June 20th, 2012 by James Ayre
The Emperor penguin, Antarctica’s iconic, nearly 4-foot-tall sea bird, is likely to see its populations collapse as warming and ice loss in Antarctica accelerates. According to a new study from the Woods Hole Oceanographic Institute (WHOI), the Emperor penguins living in Terre Adélie, in East Antarctica, will eventually disappear if the presently occurring warming and loss of ice continues along with increasing rates of sea level rise. Which, according to nearly all research done on the matter, is likely to not only continue, but rapidly accelerate.
“Over the last century, we have already observed the disappearance of the Dion Islets penguin colony, close to the West Antarctic Peninsula,” says Stephanie Jenouvrier, WHOI biologist and lead author of the new study. “In 1948 and the 1970s, scientists recorded more than 150 breeding pairs there. By 1999, the population was down to just 20 pairs, and in 2009, it had vanished entirely.”
The study authors think that the decline of those penguins is likely connected to the simultaneous decline in Antarctic sea ice in that region.
Emperor penguins are dependent on sea ice — they breed and raise their young almost exclusively on it. With the loss of that ice early in the breeding season, massive breeding failure may occur.
“As it is, there’s a huge mortality rate just at the breeding stages, because only 50 percent of chicks survive to the end of the breeding season, and then only half of those fledglings survive until the next year,” Jenouvrier says.
The disappearance of sea ice also affects the penguins’ food source. “The birds feed primarily on fish, squid, and krill, a shrimp-like animal, which in turn feeds on zooplankton and phytoplankton, tiny organisms that grow on the underside of the ice.”
With the ice loss, there will also be a loss of plankton, causing damage all the way up through the food web, potentially starving the different species that penguins rely on as prey.
To project how the penguin populations will do in the future, the researchers used data from many different sources, “including climate models, sea ice forecasts, and a demographic model that Jenouvrier created of the Emperor penguin population at Terre Adélie, a coastal region of Antarctica where French scientists have conducted penguin observations for more than 50 years.”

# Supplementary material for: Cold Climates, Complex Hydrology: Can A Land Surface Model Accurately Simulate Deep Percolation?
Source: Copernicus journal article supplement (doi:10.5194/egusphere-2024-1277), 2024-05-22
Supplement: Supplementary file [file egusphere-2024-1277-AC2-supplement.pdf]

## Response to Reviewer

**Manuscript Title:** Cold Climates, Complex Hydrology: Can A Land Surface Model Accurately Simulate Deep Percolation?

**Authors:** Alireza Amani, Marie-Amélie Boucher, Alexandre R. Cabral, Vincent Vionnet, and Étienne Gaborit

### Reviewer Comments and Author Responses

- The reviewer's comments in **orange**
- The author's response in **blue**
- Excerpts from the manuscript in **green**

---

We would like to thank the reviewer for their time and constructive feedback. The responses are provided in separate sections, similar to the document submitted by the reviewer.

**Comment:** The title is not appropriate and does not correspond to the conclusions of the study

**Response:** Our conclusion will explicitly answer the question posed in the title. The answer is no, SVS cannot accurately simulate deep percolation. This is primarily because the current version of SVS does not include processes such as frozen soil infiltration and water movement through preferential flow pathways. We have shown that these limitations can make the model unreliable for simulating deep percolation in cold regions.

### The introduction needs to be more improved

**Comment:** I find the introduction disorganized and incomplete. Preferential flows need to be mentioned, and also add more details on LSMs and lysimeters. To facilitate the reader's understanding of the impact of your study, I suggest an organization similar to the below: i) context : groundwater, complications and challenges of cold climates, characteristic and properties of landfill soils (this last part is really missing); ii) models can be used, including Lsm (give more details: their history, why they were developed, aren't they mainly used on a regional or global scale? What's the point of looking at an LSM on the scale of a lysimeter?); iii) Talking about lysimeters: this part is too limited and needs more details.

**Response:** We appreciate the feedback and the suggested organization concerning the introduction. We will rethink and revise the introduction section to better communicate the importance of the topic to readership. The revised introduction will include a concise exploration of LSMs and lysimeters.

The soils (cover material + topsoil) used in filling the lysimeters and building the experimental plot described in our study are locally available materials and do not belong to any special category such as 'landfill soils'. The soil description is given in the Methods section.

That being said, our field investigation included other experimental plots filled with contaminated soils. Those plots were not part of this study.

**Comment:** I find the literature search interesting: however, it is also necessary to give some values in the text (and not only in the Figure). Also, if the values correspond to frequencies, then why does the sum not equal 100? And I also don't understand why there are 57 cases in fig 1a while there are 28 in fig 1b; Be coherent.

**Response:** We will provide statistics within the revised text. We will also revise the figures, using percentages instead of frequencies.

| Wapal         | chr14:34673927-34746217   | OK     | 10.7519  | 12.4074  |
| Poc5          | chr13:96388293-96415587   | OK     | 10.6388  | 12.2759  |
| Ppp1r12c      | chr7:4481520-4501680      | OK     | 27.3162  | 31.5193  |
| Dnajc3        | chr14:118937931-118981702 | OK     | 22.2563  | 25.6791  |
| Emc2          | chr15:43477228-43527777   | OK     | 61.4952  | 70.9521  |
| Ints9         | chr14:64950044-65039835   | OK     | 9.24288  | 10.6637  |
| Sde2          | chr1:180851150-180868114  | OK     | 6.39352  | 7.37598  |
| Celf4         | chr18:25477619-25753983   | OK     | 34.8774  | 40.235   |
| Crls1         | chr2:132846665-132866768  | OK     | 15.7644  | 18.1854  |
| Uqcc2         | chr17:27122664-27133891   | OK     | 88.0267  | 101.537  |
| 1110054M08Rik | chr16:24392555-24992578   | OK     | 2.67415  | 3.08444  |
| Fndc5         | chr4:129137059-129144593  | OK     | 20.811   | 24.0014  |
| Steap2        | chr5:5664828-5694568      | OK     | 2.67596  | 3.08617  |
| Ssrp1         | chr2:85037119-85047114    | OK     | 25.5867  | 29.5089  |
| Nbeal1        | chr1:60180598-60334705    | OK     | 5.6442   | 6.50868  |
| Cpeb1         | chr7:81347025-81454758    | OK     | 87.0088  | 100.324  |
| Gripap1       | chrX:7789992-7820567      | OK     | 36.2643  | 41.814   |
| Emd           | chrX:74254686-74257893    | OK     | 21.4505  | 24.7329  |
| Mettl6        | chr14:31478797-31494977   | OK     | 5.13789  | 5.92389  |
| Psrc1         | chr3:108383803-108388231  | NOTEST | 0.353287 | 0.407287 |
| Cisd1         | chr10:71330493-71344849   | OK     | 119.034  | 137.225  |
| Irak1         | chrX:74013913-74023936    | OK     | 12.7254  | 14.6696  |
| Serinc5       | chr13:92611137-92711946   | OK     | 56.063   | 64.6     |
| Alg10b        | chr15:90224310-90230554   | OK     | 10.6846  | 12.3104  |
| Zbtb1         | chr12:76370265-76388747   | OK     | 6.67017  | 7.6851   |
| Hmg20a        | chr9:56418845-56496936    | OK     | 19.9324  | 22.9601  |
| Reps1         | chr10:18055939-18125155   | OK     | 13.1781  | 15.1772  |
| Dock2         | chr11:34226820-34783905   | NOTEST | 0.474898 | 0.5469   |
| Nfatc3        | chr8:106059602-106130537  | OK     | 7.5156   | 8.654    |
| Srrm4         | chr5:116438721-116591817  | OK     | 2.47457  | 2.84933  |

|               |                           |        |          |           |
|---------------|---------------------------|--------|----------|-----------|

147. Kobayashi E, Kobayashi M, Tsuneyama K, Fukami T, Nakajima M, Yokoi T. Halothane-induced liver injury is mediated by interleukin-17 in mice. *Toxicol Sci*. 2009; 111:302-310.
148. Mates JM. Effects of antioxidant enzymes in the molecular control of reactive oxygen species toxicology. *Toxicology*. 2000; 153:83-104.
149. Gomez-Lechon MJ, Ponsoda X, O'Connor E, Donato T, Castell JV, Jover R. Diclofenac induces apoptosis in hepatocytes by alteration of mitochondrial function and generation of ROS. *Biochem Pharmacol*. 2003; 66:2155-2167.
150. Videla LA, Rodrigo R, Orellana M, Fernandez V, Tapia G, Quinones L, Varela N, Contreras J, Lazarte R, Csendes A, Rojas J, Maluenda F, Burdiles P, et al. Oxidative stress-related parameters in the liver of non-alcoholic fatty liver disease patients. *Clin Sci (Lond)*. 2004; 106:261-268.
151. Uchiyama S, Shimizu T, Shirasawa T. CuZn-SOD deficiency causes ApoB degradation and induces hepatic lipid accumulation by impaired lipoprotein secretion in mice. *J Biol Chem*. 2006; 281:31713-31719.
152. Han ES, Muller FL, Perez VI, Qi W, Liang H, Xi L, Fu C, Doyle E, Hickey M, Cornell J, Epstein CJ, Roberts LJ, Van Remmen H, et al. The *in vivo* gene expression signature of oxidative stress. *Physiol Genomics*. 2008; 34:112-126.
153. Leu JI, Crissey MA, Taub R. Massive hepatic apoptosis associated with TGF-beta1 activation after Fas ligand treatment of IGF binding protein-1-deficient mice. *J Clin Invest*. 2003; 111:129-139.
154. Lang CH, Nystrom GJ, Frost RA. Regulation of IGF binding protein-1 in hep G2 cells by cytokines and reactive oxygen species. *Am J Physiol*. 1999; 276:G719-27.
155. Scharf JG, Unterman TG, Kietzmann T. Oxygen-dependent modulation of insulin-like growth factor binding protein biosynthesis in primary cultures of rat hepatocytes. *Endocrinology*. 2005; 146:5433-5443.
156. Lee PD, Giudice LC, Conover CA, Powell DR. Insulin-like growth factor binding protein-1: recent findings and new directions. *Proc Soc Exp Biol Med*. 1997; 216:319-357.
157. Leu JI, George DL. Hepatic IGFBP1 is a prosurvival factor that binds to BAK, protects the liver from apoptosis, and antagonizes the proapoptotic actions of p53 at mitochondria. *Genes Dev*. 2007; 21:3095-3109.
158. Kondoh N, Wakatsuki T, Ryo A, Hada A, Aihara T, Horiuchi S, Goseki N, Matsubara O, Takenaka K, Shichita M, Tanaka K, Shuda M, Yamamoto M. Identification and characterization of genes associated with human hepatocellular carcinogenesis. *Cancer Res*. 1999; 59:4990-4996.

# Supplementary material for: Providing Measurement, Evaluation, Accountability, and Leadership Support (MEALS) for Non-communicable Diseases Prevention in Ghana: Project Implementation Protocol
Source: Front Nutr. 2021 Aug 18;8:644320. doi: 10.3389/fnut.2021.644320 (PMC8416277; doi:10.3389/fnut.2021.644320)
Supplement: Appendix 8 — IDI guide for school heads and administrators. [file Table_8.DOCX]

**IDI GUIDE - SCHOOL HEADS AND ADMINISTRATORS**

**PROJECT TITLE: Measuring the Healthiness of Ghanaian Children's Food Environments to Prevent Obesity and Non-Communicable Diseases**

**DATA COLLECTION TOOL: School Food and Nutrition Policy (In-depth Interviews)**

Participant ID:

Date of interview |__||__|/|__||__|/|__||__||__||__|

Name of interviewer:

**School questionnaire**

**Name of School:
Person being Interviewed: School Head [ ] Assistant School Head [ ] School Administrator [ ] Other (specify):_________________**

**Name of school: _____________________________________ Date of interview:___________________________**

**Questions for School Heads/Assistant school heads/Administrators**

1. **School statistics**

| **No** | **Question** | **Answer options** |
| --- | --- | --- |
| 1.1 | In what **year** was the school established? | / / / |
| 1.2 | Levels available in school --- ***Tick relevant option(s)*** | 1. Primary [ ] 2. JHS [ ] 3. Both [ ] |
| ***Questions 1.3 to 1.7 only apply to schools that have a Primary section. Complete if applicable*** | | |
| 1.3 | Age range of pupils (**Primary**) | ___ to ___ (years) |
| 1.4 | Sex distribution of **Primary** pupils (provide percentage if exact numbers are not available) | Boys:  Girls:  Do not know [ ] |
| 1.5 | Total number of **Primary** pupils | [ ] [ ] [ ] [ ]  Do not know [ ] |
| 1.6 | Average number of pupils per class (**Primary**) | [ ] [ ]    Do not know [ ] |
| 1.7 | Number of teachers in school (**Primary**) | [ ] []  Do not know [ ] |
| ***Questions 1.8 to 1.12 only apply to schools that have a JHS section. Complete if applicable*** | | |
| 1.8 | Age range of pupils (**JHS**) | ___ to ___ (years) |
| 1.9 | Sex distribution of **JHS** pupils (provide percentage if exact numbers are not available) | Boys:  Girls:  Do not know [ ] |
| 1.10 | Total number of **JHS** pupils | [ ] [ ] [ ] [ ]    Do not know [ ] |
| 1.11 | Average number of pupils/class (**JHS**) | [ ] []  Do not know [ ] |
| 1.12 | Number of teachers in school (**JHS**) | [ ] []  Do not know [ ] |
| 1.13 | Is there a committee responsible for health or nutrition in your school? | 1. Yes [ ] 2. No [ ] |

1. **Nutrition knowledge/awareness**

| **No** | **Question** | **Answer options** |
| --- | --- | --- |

Mixing this long-term population data with information on climate is the key to the study, says Hal Caswell, a WHOI senior mathematical biologist and collaborator on the paper.
“If you want to study the effects of climate on a particular species, there are three pieces that you have to put together,” he says. “The first is a description of the entire life cycle of the organism, and how individuals move through that life cycle. The second piece is how the cycle is affected by climate variables. And the crucial third piece is a prediction of what those variables may look like in the future, which involves collaboration with climate scientists.”
A researcher from the National Center for Atmospheric Research, Marika Holland, is one of those climate scientists. Specializing in the study of the relationship between sea ice and global climate, she helped the team identify the right climate models for use in this study.
Together with another sea ice specialist from the National Snow and Ice Data Center, Julienne Stroeve, Holland ultimately recommended five distinct models.
“We picked the models based on how well they calculated the sea ice cover for the 20th century,” she says. “If a model predicted an outcome that matched what was actually observed, we felt it was likely that its projections of sea ice change in the future could be trusted.”
The output from these various different climate models was used to determine how changes in temperature and sea ice might affect the Emperor penguin population at Terre Adélie. Finding that if greenhouse gas emissions continue to rise at levels similar to today — causing temperatures to rise and Antarctic sea ice to shrink — penguin populations will slowly diminish until around 2040, after that they will then begin a steep decline because of the loss of a minimum usable ice coverage.
“Our best projections show roughly 500 to 600 breeding pairs remaining by the year 2100. Today, the population size is around 3000 breeding pairs,” says Jenouvrier.
The rising temperature in the Antarctic and its associated effects isn’t just a penguin problem, says Caswell. As the sea ice coverage continues to become more and more limited, the resulting changes in the Antarctic marine environment will affect every other species, including humans.
“We rely on the functioning of those ecosystems. We eat fish that come from the Antarctic. We rely on nutrient cycles that involve species in the oceans all over the world,” he says.
“Understanding the effects of climate change on predators at the top of marine food chains — like Emperor penguins — is in our best interest, because it helps us understand ecosystems that provide important services to us.”
Source: Woods Hole Oceanographic Institute
Image Credits: Stephanie Jenouvrier, Woods Hole Oceanographic Institution
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